Van Hee v Glenmore Inn Holdings Ltd., 2023 ABCJ 244 (“Van Hee”) is an important decision for Canadian employers. It is only the second civil court decision to assess whether the placement of an employee on an unpaid leave of absence, in response to the employee’s failure to comply with a mandatory vaccination policy, amounts to a constructive dismissal.

In a detailed analysis, Judge Burt of the Alberta Court of Justice concluded that the Employer’s mandatory vaccination policy was reasonable and justified, and that the unilateral placement of the Plaintiff on an unpaid leave of absence was not a constructive dismissal. 

This decision is also noteworthy because:

  • Judge Burt found that the Plaintiff resigned from her employment when, while on unpaid leave, the Plaintiff’s legal counsel issued a draft Civil Claim to the Employer. According to Judge Burt: “That conduct was inconsistent with the continuation of an employment relationship between the parties.”
  • The case was argued on November 7, 2023 and a written decision was issued just ten days later on November 17, 2023. Such a quick turnaround may suggest that this case was expedited in response similar claims currently before Alberta’s courts.

The Decision Facts

The Plaintiff employee (the “Employee”) was employed by the Defendant employer (the “Employer”) as a server in a restaurant for over 13 years.

In mid-September 2021, in the context of the fourth wave of the COVID-19 pandemic, the Employer introduced a mandatory vaccination policy (the “Policy”), which required its employees to be fully vaccinated against COVID-19 by November 15, 2021.

The Employee was concerned about the safety of the vaccines, and chose not to get vaccinated. She did not seek an accommodation permitting non-compliance with the Policy, but she did suggest health-related reasons that precluded her from being vaccinated.

Shortly after the Policy was announced, the Employee communicated to the Employer that she had read the Policy and did not agree with it. She also indicated that she was not vaccinated and would not be getting vaccinated. The Court found that the Employee was aware that failure to get vaccinated would result in her being placed on an unpaid leave of absence.

On October 4, 2021, the Plaintiff was placed on an unpaid leave of absence. The Employee argued at trial that she was constructively dismissed as of this date. On November 15, 2021, the Plaintiff’s lawyer sent a letter to the Employer, enclosing a draft Civil Claim alleging that the Employee had been constructively dismissed. As noted above, Judge Burt found that the issuance of this draft Civil Claim amounted to a resignation by the Employee.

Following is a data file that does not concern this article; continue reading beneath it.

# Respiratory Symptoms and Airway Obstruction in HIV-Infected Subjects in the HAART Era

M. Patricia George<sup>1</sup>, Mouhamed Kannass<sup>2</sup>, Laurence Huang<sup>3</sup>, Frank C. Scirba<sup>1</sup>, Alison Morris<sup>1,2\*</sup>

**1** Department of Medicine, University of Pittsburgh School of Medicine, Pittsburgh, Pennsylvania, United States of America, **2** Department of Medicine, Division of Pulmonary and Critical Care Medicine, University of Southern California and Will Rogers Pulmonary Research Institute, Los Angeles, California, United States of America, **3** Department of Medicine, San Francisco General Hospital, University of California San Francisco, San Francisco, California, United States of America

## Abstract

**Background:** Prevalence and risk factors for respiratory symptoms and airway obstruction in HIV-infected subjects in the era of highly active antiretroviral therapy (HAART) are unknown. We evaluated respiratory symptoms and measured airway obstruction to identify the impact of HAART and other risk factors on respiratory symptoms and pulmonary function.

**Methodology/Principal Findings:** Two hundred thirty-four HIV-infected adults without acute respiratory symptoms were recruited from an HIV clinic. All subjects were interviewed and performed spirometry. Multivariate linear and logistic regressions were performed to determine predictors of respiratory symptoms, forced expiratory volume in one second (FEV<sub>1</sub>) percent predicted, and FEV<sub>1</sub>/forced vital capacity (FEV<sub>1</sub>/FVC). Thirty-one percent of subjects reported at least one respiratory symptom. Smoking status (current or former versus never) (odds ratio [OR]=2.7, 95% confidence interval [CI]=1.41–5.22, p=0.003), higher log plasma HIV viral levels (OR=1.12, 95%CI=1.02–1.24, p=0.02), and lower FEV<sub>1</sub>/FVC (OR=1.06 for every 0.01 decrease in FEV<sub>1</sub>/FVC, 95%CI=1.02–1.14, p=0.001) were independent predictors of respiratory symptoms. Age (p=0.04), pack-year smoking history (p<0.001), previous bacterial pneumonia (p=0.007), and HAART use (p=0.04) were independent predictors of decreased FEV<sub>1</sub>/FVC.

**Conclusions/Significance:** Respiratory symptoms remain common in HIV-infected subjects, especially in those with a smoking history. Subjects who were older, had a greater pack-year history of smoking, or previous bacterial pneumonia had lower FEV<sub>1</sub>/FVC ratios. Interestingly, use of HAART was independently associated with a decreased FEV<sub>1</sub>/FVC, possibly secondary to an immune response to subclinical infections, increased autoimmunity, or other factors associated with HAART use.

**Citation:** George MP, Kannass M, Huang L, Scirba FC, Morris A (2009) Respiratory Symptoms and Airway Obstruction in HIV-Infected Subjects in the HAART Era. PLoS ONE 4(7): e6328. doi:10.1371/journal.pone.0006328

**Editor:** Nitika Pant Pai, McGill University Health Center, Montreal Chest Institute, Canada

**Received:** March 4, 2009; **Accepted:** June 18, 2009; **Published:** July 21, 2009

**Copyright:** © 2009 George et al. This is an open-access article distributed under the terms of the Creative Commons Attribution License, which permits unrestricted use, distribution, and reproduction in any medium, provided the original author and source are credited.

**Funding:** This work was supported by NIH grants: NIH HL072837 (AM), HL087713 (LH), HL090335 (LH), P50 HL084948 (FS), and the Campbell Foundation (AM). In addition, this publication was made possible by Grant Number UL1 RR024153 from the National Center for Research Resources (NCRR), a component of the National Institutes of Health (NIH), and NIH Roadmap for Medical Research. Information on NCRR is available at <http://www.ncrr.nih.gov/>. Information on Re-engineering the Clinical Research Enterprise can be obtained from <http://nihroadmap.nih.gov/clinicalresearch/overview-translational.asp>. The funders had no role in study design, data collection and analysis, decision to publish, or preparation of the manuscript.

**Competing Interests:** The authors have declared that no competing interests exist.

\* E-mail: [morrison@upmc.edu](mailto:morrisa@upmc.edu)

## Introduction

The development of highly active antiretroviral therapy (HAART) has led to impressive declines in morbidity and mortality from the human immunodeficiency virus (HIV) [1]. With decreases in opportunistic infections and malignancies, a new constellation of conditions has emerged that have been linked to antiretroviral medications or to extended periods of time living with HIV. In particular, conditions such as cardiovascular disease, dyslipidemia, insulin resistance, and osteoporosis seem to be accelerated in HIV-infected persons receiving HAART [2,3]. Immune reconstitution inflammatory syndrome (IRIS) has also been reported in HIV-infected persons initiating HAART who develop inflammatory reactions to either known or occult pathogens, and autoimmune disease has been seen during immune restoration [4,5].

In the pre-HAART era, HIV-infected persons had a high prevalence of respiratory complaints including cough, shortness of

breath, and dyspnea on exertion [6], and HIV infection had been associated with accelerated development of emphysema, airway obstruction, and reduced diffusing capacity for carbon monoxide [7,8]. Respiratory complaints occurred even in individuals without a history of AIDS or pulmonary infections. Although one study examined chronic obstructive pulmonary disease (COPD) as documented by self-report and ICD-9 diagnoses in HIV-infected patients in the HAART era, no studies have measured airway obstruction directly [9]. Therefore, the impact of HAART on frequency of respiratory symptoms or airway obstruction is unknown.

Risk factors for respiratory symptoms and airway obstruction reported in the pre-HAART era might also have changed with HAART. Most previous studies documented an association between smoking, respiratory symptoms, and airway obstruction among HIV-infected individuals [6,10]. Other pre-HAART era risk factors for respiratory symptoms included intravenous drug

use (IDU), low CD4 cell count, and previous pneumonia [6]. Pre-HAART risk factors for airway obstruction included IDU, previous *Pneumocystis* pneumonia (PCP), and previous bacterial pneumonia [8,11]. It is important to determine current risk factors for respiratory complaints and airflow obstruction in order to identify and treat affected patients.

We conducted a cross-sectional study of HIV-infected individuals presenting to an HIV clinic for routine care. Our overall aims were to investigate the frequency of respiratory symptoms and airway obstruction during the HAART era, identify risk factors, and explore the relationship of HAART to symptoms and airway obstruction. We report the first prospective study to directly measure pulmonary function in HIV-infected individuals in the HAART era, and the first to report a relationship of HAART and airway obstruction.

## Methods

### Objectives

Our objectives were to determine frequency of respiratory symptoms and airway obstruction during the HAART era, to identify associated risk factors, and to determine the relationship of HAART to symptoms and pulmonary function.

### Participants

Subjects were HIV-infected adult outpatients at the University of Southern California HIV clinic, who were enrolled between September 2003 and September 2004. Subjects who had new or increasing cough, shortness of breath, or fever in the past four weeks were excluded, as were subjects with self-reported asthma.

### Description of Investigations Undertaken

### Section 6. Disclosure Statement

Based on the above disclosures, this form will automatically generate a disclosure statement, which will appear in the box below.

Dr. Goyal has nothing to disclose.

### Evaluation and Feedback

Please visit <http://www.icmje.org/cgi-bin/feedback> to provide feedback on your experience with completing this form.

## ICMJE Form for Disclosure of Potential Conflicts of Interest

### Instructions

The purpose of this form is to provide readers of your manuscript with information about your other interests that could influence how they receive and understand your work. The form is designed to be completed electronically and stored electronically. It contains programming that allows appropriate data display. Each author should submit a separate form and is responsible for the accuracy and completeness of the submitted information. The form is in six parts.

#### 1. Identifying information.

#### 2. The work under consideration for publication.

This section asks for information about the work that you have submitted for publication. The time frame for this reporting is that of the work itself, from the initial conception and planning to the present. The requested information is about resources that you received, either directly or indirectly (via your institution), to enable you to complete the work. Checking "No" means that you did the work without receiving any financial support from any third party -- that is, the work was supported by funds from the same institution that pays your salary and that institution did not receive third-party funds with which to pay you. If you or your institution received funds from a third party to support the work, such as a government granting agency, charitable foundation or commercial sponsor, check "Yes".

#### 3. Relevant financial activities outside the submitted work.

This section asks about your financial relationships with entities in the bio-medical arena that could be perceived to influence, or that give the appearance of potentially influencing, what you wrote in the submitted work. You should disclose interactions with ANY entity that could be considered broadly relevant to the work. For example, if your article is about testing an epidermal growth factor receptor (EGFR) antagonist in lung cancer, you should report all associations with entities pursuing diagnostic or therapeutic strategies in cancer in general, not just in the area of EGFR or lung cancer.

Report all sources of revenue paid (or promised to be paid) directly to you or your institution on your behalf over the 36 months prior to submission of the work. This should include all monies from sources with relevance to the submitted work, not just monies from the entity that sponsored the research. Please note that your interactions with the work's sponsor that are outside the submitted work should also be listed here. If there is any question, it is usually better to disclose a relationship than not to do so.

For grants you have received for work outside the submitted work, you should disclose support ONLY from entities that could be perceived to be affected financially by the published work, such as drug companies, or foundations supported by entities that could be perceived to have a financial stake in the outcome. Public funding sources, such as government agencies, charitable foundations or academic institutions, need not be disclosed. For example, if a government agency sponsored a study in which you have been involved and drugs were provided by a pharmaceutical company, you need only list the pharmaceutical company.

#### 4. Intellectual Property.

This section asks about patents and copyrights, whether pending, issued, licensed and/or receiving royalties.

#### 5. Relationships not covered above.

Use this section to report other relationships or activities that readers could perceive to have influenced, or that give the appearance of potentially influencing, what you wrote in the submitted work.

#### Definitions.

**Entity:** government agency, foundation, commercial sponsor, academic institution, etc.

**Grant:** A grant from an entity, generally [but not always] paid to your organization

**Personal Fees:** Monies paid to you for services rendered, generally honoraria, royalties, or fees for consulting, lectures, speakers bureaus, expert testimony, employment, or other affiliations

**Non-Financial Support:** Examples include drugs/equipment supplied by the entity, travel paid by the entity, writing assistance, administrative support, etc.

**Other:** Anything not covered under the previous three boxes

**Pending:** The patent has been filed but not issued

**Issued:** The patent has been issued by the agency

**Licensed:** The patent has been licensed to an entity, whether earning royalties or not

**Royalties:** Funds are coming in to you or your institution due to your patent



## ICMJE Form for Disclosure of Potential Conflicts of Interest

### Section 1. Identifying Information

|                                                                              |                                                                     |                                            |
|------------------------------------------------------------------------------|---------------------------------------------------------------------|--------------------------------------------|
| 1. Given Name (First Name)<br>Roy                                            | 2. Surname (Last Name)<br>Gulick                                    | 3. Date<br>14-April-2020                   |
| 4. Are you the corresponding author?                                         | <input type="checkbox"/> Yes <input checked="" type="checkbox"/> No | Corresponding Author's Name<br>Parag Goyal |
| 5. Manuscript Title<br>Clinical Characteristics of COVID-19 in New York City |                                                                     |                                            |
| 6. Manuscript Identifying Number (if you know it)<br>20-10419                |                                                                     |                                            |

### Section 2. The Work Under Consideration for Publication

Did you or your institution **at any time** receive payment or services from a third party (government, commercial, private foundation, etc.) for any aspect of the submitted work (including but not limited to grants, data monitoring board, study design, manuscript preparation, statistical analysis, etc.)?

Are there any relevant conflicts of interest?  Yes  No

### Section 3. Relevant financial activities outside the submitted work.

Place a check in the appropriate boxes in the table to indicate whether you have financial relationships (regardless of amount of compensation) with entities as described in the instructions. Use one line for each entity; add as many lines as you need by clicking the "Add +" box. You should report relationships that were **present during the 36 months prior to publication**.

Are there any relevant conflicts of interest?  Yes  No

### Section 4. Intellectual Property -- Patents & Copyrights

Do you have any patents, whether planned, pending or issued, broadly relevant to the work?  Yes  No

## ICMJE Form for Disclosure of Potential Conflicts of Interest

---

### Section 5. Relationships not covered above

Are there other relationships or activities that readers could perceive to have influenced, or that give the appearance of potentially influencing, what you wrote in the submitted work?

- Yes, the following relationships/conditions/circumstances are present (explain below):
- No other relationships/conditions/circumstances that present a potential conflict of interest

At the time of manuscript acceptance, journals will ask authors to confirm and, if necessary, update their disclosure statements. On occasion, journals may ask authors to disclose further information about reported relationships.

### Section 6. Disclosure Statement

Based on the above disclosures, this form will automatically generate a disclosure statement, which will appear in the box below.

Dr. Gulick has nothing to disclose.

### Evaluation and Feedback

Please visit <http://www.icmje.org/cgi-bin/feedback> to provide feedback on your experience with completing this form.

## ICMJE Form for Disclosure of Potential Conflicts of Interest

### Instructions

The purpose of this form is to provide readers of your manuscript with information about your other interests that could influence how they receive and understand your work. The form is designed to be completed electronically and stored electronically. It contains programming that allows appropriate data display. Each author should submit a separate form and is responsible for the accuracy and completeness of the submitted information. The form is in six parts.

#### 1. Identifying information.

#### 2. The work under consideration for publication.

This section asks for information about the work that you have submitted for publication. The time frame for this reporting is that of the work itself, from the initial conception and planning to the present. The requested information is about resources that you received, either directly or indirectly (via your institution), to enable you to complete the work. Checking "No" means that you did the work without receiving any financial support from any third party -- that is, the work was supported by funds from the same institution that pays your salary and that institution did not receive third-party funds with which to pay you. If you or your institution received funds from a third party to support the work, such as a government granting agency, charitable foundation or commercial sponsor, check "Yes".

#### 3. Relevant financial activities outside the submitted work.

Analysis

Judge Burt first considered the test to assess constructive dismissal claims, which was set out by the Supreme Court of Canada in Potter v New Brunswick Legal Aid Services Commission, 2015 SCC 10. Under this test, Judge Burt observed that, in the context of administrative suspensions, the “overriding question will be whether the suspension was reasonable and justified.”

In order to make this assessment, Judge Burt considered in detail the British Columbia Supreme Court’s decision in Parmar v Tribe Management Inc. 2022 BCSC 1675 (“Parmar”) and the Alberta Court of King’s Bench decision in Benke v Loblaw Companies Limited, 2022 ABQB 461 (“Benke”).

Parmar, which was released on September 26, 2022, was the first non-union decision in Canada to consider issues similar to those before Judge Burt. Of note, the Court in Parmar assessed the reasonableness of the mandatory vaccination policy based on the employer’s knowledge about the virus at the time the policy was implemented and within the context of the employer’s obligation to ensure the health and safety of its employees, customers and members of the public.

Drawing on Parmar and Benke, Judge Burt concluded that the Policy was a reasonable and lawful response to the uncertainty created by the COVID-19 pandemic, striking a balance between:

  • the Employer’s clear business interests in keeping its operations running and avoiding a shutdown;
  • the Employer’s obligations under occupational health and safety legislation to ensure the health and safety of its workers; and
  • the Plaintiff’s ability to follow her own personal convictions by not getting vaccinated without losing her employment.

In the circumstances, the unilateral placement of the Plaintiff on an unpaid leave of absence was not a breach of the employment contract and did not amount to a constructive dismissal. 

Looking Ahead

This case is a welcome addition to the reasoning in Parmar and Benke. While constructive dismissal claims always turn on the facts, these decisions suggest that many constructive dismissal claims will fail where the vaccination policy in question is reasonable and justified, and the employee was placed on an unpaid leave of absence, rather than being terminated.